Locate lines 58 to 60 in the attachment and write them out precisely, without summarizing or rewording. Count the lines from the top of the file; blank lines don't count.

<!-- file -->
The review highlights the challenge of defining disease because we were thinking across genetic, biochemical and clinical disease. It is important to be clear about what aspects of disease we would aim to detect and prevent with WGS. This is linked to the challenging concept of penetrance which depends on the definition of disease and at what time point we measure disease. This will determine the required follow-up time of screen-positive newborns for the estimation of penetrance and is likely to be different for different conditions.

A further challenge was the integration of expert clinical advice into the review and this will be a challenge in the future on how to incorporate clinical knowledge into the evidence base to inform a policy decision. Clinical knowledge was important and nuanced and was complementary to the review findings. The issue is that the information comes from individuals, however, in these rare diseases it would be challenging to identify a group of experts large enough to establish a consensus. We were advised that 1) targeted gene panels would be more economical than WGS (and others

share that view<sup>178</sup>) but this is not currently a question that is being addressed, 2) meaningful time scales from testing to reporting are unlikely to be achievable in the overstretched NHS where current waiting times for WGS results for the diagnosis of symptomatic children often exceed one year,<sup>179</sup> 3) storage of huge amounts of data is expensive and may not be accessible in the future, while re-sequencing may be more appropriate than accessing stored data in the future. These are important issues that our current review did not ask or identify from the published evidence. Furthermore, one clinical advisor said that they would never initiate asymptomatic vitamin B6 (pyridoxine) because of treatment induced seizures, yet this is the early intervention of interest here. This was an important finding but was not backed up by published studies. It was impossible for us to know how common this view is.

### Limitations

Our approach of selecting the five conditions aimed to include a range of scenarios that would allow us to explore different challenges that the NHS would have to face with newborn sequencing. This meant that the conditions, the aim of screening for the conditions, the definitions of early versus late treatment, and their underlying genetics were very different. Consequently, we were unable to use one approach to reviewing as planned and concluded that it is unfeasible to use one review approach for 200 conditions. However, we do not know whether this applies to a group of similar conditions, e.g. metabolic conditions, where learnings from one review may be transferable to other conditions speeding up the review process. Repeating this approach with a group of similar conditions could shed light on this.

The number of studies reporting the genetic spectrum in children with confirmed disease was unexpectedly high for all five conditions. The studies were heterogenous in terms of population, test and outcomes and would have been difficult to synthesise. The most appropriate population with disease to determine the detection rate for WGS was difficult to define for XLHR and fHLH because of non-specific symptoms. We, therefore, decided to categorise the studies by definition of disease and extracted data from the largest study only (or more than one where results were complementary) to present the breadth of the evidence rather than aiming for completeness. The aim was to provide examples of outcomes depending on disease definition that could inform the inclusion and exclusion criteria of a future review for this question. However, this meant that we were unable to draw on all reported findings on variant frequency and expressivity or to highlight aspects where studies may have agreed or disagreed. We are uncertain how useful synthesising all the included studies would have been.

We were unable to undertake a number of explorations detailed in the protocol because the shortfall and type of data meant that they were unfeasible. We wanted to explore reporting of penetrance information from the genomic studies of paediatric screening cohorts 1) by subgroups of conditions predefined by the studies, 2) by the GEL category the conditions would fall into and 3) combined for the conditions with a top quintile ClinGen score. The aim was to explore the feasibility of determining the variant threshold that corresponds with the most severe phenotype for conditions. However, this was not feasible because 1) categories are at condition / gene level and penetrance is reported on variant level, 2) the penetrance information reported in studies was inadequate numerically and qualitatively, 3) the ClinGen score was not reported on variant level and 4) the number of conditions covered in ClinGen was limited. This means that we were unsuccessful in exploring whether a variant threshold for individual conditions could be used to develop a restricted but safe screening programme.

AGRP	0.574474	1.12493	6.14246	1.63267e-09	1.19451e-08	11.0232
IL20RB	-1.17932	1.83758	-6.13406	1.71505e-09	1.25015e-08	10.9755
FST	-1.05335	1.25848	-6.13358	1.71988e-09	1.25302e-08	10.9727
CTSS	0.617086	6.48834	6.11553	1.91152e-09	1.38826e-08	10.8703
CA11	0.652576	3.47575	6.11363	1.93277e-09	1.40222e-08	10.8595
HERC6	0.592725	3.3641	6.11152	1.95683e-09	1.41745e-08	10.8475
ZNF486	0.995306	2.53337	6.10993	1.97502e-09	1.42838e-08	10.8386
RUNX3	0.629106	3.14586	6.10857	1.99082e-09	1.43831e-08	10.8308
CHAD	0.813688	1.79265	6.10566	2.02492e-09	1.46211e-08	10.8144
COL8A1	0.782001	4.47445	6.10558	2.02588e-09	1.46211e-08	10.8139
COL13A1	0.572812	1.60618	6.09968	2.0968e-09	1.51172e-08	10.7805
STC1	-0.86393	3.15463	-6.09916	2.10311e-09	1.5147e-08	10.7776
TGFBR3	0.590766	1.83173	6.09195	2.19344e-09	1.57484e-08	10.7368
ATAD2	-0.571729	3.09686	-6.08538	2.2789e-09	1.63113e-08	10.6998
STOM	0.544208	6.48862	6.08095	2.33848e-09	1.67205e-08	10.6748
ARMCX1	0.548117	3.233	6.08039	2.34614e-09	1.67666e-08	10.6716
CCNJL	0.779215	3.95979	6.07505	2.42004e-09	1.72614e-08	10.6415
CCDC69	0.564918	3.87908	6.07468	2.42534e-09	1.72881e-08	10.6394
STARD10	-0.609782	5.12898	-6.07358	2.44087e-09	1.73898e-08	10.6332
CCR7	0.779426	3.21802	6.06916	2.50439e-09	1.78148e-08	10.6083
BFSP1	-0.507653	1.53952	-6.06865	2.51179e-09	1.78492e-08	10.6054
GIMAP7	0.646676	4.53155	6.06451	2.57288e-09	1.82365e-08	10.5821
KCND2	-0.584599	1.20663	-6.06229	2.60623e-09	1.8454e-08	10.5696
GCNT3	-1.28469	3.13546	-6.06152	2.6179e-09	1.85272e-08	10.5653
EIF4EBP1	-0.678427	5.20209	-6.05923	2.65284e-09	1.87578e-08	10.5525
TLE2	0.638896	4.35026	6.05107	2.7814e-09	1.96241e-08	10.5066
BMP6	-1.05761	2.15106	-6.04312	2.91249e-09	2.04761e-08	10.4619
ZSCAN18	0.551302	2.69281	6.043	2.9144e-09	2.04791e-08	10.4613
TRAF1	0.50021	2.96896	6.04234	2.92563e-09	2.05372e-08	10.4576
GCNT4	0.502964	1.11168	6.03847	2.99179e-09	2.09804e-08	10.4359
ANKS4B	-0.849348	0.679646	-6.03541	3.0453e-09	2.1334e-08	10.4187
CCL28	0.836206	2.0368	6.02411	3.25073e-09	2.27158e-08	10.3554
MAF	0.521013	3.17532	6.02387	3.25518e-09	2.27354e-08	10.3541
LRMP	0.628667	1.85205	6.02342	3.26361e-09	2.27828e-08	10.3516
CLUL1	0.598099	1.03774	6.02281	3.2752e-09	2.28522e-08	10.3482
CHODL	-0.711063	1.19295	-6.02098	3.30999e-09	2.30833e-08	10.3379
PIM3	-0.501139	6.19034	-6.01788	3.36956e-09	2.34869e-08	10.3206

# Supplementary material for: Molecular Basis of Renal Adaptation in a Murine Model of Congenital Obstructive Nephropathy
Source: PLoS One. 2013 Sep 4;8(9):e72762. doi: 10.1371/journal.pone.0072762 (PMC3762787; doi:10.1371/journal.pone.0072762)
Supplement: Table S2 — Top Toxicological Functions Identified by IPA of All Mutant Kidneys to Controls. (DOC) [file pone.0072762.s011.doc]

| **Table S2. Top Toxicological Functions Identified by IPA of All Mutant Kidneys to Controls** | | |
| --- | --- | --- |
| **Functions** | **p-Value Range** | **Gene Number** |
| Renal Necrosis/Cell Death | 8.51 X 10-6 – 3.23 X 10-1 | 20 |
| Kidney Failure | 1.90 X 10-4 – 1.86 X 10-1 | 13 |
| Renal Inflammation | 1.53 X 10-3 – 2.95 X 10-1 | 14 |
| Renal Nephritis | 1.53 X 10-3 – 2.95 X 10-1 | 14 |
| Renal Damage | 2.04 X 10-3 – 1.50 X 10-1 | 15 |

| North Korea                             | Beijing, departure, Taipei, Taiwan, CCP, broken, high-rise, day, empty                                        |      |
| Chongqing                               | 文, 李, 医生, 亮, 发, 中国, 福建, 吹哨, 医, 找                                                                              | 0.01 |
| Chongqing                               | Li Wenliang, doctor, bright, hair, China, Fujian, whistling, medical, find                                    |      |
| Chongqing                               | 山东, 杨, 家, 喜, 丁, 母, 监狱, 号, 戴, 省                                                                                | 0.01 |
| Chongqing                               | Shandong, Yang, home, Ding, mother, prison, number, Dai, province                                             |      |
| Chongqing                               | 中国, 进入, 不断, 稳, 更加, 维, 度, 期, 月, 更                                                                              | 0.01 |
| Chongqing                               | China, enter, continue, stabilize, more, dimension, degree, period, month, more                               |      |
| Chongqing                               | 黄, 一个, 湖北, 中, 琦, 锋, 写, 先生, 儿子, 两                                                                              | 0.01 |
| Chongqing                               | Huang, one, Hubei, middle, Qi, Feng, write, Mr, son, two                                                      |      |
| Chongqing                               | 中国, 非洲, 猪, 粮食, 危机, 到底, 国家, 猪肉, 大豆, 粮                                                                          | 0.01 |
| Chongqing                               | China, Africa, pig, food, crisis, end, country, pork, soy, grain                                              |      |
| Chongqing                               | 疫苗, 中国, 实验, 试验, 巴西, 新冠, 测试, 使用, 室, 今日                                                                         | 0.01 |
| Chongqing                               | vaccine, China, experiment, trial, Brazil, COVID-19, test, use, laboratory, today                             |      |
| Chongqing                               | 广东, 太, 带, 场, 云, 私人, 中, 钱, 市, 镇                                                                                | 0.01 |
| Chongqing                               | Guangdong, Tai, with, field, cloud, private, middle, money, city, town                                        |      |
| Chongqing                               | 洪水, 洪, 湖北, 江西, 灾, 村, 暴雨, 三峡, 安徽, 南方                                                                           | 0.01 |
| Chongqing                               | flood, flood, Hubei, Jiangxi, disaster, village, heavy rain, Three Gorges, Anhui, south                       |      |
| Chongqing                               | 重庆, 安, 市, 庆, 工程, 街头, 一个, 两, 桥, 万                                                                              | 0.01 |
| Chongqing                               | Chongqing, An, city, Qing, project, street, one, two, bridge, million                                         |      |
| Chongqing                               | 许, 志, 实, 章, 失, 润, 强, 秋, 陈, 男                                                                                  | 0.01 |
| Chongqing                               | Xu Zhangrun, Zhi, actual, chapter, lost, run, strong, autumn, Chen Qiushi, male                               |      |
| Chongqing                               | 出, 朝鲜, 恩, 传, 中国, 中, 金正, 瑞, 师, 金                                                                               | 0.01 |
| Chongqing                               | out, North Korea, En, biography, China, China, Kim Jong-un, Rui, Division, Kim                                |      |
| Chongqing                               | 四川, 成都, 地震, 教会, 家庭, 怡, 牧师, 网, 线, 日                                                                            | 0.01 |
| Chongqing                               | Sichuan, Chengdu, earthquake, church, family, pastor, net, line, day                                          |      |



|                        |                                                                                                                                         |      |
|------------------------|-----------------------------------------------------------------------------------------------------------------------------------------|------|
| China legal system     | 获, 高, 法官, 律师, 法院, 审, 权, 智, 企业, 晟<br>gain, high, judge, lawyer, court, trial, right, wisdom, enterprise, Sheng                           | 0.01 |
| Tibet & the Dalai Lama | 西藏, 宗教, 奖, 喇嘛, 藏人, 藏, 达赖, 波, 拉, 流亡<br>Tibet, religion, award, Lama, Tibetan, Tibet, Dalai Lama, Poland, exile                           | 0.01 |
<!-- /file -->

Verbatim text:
| Chongqing                               | Li Wenliang, doctor, bright, hair, China, Fujian, whistling, medical, find                                    |      |
| Chongqing                               | 山东, 杨, 家, 喜, 丁, 母, 监狱, 号, 戴, 省                                                                                | 0.01 |
| Chongqing                               | Shandong, Yang, home, Ding, mother, prison, number, Dai, province                                             |      |